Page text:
Here, but Not Here: Photographs of Families Held Together by Love, Skype


We live in a world in which some of the people we are closest to are often not near us at all.

When we document our day-to-day existence in photographs and Instagrams, these people are absent. Their presence in our lives is missing from our digital memories. 

Photographer John Clang's series Being Together seeks to correct this. Using Skype and projectors, he captures families visually as they are virtually. 

"In these images," Clang told me over email, "I am marking the time for these families, enabling them to remember these strange moments of togetherness with the technology presently available. The picture doesn't stop here, it lingers on in their memory. It embraces the intimacy and closeness of a family, no matter how far apart they are."


Tye family, Paris and Singapore. 

The project grew out of personal experience. Clang moved from Singapore, where his parents are, to New York in 1999. In the 13 years since, the experience of that distance has changed dramatically. "When I first moved to New York, I had to limit my calls to my parents as overseas calls were very expensive. Every time I call, I [would] time it and make a note, just in case the phone company bills me for more than what I've used. Now I just pick up the phone and call whenever I want to, as though they are in the same city as me."


Lim family, Westport and Singapore. 

He visits his parents once or twice a year, but he sought to document their time "together" over communications technology in a portrait. "The process," he said, "moved me very much and I had the idea to extend it to other families."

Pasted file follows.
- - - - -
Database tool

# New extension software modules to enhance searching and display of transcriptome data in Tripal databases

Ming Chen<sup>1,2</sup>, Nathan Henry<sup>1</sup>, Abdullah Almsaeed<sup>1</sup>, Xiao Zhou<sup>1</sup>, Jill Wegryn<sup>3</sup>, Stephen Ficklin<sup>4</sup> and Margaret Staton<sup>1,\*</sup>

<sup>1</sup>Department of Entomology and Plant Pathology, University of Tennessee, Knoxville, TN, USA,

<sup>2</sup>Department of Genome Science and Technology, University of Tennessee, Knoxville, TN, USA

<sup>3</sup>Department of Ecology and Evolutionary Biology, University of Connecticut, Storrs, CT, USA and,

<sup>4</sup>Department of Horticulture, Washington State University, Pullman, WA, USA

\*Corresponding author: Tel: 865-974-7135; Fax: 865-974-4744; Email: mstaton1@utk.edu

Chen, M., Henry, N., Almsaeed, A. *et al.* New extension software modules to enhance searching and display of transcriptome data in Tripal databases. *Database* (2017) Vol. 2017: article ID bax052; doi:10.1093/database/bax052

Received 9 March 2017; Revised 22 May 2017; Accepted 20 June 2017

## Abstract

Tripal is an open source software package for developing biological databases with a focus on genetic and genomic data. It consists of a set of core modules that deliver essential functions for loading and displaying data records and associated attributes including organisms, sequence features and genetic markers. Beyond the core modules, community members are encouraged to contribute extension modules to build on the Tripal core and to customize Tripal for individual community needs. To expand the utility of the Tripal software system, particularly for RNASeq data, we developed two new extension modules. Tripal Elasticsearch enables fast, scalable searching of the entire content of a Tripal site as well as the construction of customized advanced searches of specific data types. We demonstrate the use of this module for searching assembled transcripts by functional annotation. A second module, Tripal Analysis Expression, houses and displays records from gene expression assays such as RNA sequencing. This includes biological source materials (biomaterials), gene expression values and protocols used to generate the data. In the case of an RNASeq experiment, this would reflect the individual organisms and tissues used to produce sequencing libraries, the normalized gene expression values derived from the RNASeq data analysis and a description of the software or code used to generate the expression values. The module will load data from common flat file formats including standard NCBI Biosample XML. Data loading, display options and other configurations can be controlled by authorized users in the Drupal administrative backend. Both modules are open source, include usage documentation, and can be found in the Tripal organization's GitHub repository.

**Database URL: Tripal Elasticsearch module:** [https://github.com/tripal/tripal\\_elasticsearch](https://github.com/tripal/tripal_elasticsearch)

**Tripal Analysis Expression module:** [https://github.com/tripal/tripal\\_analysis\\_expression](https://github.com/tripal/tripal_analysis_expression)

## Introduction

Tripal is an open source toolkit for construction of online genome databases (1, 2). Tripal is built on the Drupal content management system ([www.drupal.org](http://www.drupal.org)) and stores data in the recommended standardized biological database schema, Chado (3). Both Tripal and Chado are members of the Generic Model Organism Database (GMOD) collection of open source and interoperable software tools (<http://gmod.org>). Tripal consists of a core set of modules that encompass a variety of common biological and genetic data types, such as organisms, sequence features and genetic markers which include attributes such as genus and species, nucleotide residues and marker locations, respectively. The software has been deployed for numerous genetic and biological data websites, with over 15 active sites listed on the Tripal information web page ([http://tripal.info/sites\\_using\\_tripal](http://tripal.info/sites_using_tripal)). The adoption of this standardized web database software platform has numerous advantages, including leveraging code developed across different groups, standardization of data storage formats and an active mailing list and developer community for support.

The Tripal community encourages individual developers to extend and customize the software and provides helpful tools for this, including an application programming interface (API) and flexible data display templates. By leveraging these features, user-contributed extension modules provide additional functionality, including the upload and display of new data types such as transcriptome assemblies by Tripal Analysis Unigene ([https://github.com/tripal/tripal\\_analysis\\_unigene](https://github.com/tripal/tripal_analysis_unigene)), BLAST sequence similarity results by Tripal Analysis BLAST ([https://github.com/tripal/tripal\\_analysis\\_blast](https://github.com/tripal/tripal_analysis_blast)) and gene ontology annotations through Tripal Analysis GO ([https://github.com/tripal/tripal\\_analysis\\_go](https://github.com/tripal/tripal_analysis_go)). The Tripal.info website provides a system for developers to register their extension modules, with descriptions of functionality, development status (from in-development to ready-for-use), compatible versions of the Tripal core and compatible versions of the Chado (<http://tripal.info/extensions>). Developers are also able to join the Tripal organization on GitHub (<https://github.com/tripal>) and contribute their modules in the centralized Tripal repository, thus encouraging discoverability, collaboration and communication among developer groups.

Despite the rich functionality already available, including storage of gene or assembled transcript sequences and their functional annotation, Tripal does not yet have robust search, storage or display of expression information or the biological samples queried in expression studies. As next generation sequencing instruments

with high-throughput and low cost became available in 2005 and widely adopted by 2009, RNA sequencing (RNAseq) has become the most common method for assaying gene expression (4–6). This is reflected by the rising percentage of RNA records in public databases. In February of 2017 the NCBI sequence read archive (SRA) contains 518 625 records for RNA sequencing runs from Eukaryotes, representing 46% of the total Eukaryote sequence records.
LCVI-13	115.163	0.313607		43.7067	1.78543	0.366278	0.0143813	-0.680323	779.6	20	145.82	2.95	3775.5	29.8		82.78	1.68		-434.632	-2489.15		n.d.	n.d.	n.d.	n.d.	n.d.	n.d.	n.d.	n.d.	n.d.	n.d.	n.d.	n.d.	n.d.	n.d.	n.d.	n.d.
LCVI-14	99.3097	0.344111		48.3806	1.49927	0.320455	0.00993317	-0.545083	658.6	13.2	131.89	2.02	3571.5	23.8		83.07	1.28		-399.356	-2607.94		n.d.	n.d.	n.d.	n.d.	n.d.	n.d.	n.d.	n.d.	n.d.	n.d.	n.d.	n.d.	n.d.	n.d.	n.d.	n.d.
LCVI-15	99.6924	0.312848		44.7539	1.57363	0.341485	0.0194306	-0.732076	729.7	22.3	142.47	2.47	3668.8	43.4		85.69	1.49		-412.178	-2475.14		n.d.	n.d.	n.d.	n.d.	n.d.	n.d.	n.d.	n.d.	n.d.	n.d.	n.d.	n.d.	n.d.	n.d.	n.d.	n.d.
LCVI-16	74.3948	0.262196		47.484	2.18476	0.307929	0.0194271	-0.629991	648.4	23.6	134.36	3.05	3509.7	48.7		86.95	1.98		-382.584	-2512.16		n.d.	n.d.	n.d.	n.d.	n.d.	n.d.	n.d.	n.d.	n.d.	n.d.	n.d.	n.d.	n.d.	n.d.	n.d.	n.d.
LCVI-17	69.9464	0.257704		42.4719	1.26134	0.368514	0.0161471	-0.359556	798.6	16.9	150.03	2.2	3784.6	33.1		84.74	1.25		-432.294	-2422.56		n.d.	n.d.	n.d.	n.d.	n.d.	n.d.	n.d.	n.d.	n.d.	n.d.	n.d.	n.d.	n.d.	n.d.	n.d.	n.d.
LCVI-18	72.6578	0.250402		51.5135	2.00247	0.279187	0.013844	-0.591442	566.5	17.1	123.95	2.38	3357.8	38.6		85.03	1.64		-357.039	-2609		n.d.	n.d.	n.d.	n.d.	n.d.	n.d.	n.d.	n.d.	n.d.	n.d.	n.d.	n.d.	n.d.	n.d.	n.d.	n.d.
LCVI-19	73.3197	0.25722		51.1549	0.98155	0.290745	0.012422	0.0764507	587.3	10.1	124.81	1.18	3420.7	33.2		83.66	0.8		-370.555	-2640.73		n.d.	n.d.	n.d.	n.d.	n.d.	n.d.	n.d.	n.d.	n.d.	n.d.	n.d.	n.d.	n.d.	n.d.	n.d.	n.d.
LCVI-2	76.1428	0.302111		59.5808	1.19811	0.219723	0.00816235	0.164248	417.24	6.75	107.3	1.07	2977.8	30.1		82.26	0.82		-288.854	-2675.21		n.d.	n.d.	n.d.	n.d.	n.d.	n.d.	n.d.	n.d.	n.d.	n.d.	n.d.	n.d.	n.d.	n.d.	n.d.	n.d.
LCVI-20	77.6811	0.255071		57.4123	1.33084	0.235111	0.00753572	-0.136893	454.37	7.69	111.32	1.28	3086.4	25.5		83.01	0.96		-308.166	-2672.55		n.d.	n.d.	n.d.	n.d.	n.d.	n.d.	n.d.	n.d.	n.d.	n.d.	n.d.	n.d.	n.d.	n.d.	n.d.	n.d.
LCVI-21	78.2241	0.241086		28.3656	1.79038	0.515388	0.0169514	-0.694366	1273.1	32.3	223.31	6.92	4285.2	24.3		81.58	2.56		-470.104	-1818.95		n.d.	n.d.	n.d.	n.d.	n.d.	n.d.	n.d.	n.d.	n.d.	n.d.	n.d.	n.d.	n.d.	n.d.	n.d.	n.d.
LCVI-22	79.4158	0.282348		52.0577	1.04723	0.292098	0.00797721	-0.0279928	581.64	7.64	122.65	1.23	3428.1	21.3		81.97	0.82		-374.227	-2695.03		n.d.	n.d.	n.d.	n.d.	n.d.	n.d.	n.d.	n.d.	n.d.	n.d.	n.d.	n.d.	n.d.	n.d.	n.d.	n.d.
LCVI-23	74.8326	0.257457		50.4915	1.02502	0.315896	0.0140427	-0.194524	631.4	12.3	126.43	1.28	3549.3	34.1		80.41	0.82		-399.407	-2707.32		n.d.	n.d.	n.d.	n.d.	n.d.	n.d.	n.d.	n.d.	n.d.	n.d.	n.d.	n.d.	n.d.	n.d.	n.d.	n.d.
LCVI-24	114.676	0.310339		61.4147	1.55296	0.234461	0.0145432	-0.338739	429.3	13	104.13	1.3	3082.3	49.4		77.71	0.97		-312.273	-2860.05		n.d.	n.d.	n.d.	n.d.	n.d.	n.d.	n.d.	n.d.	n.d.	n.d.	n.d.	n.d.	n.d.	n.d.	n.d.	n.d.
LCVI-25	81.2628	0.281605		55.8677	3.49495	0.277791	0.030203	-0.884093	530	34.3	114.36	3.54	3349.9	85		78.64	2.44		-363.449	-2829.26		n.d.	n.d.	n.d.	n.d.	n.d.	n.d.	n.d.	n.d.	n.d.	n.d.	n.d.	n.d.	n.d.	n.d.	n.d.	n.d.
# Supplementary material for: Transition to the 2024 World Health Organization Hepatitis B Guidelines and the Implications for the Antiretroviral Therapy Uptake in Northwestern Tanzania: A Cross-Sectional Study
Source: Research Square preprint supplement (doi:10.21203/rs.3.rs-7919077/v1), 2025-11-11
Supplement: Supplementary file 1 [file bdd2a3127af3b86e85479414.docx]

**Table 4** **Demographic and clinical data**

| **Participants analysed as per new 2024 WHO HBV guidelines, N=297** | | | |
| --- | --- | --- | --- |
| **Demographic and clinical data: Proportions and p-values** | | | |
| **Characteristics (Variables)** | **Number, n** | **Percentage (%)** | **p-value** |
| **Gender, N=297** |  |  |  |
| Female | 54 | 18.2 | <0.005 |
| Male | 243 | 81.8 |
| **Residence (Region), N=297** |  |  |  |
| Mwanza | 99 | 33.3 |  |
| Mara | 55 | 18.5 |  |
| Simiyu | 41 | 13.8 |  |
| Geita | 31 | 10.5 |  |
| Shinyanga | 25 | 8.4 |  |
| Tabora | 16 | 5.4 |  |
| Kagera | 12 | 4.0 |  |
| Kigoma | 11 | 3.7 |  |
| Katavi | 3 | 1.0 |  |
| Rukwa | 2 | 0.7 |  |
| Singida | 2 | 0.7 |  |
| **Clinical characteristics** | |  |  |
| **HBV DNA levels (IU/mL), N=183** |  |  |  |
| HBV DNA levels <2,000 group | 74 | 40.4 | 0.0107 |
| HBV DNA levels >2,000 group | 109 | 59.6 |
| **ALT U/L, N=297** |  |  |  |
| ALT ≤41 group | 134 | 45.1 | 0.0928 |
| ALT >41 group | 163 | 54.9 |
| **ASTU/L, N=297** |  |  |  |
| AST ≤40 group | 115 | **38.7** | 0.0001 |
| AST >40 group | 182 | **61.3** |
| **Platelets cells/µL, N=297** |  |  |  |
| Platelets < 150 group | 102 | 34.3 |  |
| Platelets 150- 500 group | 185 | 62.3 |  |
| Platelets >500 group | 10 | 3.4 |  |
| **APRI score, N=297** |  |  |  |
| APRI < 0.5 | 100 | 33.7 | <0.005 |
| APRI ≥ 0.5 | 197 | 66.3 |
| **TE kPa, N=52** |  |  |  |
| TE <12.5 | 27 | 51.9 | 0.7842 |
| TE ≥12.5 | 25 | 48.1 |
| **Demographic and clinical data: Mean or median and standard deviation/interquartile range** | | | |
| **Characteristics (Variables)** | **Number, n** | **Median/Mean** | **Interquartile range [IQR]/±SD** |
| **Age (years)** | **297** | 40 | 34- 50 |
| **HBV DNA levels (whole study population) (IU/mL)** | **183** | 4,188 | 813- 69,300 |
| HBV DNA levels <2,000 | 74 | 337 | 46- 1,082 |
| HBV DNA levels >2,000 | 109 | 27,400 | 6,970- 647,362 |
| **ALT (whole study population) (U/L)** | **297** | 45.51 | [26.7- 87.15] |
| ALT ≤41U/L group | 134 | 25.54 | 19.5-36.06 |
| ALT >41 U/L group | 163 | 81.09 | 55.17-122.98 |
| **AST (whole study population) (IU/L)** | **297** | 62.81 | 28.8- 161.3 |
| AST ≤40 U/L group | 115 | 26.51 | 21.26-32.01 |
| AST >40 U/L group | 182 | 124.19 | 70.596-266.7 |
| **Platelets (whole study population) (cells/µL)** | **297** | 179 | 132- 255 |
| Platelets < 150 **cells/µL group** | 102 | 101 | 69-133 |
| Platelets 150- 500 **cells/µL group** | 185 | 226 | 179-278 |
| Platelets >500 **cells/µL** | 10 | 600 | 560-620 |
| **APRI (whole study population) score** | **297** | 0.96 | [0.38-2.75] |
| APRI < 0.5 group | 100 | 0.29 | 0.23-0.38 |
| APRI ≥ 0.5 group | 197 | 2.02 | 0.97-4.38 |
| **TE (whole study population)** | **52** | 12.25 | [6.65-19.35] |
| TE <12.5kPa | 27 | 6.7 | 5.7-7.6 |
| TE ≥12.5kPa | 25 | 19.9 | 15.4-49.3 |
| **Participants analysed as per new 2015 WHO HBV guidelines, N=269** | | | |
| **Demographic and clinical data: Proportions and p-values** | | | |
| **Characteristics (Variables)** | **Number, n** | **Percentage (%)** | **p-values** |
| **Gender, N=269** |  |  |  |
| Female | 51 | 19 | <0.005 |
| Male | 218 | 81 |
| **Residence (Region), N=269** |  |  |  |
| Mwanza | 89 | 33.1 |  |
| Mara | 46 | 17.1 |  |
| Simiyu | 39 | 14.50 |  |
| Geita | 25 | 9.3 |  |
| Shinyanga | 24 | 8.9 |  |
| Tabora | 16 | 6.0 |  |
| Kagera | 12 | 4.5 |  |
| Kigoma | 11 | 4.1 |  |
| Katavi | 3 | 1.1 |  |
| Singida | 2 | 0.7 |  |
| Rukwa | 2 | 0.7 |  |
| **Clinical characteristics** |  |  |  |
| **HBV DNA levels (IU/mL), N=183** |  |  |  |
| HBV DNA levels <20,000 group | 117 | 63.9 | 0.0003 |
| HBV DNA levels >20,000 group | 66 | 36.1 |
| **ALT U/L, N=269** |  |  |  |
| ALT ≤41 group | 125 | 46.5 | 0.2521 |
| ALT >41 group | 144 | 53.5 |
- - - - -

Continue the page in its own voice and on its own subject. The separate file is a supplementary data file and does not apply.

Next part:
Leong family, Hong Kong and Singapore. 

"During the shooting," he continued, "most of [the families] were having fun interacting with each other through Skype. They were a bit puzzled how the image was going to be done. But once they start seeing the resulting image, most of them start to see the deep impact of such a session. There's a very deep longing in their sentiments. You can sense that they miss each other very much, and yet it's something we have to accept in the current fast-paced society."


Krishnan family,Yokohama and Singapore. 

Clang noticed an interesting response particularly among some of the older members of a family. While they were happy and embraced the chance to connect with their family so far away, "there's a little tinge of sadness to have experienced [this technology] at their late stage of life."


Goh family, Bellevue and Singapore. 

Upon reflection, Clang added, "To be able to witness all these technology progress and wondering what the future looks like, which they may not be able to participate brings a tinge of sadness to me. I think maybe I'm the one sensing the sadness."


Ang family, New York and Singapore.

Are they here or not here? Are we together or apart? The photographs answer with the same ambiguity we feel.


Wong family, New York and Singapore.

The artist "with" his parents:


The complete series of 40 portraits will be on display in a solo exhibit at the National Museum of Singapore beginning in early 2013.

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Rebecca J. Rosen is a senior editor at The Atlantic, where she oversees the Business Channel. She was previously an associate editor at The Wilson Quarterly.

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